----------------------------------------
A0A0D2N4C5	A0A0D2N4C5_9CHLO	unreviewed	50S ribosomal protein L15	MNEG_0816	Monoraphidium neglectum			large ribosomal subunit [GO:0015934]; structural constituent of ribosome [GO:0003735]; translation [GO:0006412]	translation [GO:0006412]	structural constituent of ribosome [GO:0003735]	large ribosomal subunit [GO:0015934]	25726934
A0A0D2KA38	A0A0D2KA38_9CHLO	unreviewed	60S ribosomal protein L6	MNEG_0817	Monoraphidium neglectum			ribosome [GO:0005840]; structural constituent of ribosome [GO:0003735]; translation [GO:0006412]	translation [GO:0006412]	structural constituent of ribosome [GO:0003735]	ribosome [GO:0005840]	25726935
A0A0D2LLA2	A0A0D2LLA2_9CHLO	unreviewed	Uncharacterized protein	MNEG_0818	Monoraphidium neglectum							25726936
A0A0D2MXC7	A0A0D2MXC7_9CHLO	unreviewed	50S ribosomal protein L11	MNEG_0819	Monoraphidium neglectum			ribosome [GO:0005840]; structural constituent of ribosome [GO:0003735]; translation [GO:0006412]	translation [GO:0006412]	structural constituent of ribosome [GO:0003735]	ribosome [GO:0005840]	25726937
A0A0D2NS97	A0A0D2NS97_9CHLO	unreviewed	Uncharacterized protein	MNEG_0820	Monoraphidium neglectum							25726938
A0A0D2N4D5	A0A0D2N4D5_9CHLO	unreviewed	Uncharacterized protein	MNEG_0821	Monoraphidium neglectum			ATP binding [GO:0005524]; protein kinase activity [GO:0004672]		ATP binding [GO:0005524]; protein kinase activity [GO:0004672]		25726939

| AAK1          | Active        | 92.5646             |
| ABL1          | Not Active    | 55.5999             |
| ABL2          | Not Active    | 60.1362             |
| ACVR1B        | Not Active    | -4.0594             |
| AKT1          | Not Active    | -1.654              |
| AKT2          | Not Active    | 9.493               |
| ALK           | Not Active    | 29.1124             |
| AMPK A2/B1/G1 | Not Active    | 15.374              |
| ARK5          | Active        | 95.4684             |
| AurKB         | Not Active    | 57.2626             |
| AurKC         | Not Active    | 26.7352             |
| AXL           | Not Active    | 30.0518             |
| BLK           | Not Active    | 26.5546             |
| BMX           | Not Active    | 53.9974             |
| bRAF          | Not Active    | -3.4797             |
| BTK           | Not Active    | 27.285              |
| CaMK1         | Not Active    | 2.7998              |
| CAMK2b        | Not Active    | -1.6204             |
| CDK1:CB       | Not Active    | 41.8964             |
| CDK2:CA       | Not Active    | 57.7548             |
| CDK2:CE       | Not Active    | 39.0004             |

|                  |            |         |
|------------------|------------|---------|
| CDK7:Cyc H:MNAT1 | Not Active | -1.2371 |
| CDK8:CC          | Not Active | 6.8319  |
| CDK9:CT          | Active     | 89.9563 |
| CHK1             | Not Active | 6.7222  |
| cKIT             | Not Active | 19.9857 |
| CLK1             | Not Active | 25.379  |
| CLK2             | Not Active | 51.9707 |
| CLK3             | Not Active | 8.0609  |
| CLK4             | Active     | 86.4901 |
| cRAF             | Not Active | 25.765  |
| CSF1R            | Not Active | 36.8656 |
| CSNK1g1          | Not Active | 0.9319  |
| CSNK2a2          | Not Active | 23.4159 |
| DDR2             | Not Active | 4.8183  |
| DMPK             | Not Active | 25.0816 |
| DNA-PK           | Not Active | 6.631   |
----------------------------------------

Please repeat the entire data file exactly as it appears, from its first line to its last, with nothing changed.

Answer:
A0A0D2N4C5	A0A0D2N4C5_9CHLO	unreviewed	50S ribosomal protein L15	MNEG_0816	Monoraphidium neglectum			large ribosomal subunit [GO:0015934]; structural constituent of ribosome [GO:0003735]; translation [GO:0006412]	translation [GO:0006412]	structural constituent of ribosome [GO:0003735]	large ribosomal subunit [GO:0015934]	25726934
A0A0D2KA38	A0A0D2KA38_9CHLO	unreviewed	60S ribosomal protein L6	MNEG_0817	Monoraphidium neglectum			ribosome [GO:0005840]; structural constituent of ribosome [GO:0003735]; translation [GO:0006412]	translation [GO:0006412]	structural constituent of ribosome [GO:0003735]	ribosome [GO:0005840]	25726935
A0A0D2LLA2	A0A0D2LLA2_9CHLO	unreviewed	Uncharacterized protein	MNEG_0818	Monoraphidium neglectum							25726936
A0A0D2MXC7	A0A0D2MXC7_9CHLO	unreviewed	50S ribosomal protein L11	MNEG_0819	Monoraphidium neglectum			ribosome [GO:0005840]; structural constituent of ribosome [GO:0003735]; translation [GO:0006412]	translation [GO:0006412]	structural constituent of ribosome [GO:0003735]	ribosome [GO:0005840]	25726937
A0A0D2NS97	A0A0D2NS97_9CHLO	unreviewed	Uncharacterized protein	MNEG_0820	Monoraphidium neglectum							25726938
A0A0D2N4D5	A0A0D2N4D5_9CHLO	unreviewed	Uncharacterized protein	MNEG_0821	Monoraphidium neglectum			ATP binding [GO:0005524]; protein kinase activity [GO:0004672]		ATP binding [GO:0005524]; protein kinase activity [GO:0004672]		25726939

| AAK1          | Active        | 92.5646             |
| ABL1          | Not Active    | 55.5999             |
| ABL2          | Not Active    | 60.1362             |
| ACVR1B        | Not Active    | -4.0594             |
| AKT1          | Not Active    | -1.654              |
| AKT2          | Not Active    | 9.493               |
| ALK           | Not Active    | 29.1124             |
| AMPK A2/B1/G1 | Not Active    | 15.374              |
| ARK5          | Active        | 95.4684             |
| AurKB         | Not Active    | 57.2626             |
| AurKC         | Not Active    | 26.7352             |
| AXL           | Not Active    | 30.0518             |
| BLK           | Not Active    | 26.5546             |
| BMX           | Not Active    | 53.9974             |
| bRAF          | Not Active    | -3.4797             |
| BTK           | Not Active    | 27.285              |
| CaMK1         | Not Active    | 2.7998              |
| CAMK2b        | Not Active    | -1.6204             |
| CDK1:CB       | Not Active    | 41.8964             |
| CDK2:CA       | Not Active    | 57.7548             |
| CDK2:CE       | Not Active    | 39.0004             |

|                  |            |         |
|------------------|------------|---------|
| CDK7:Cyc H:MNAT1 | Not Active | -1.2371 |
| CDK8:CC          | Not Active | 6.8319  |
| CDK9:CT          | Active     | 89.9563 |
| CHK1             | Not Active | 6.7222  |
| cKIT             | Not Active | 19.9857 |
| CLK1             | Not Active | 25.379  |
| CLK2             | Not Active | 51.9707 |
| CLK3             | Not Active | 8.0609  |
| CLK4             | Active     | 86.4901 |
| cRAF             | Not Active | 25.765  |
| CSF1R            | Not Active | 36.8656 |
| CSNK1g1          | Not Active | 0.9319  |
| CSNK2a2          | Not Active | 23.4159 |
| DDR2             | Not Active | 4.8183  |
| DMPK             | Not Active | 25.0816 |
| DNA-PK           | Not Active | 6.631   |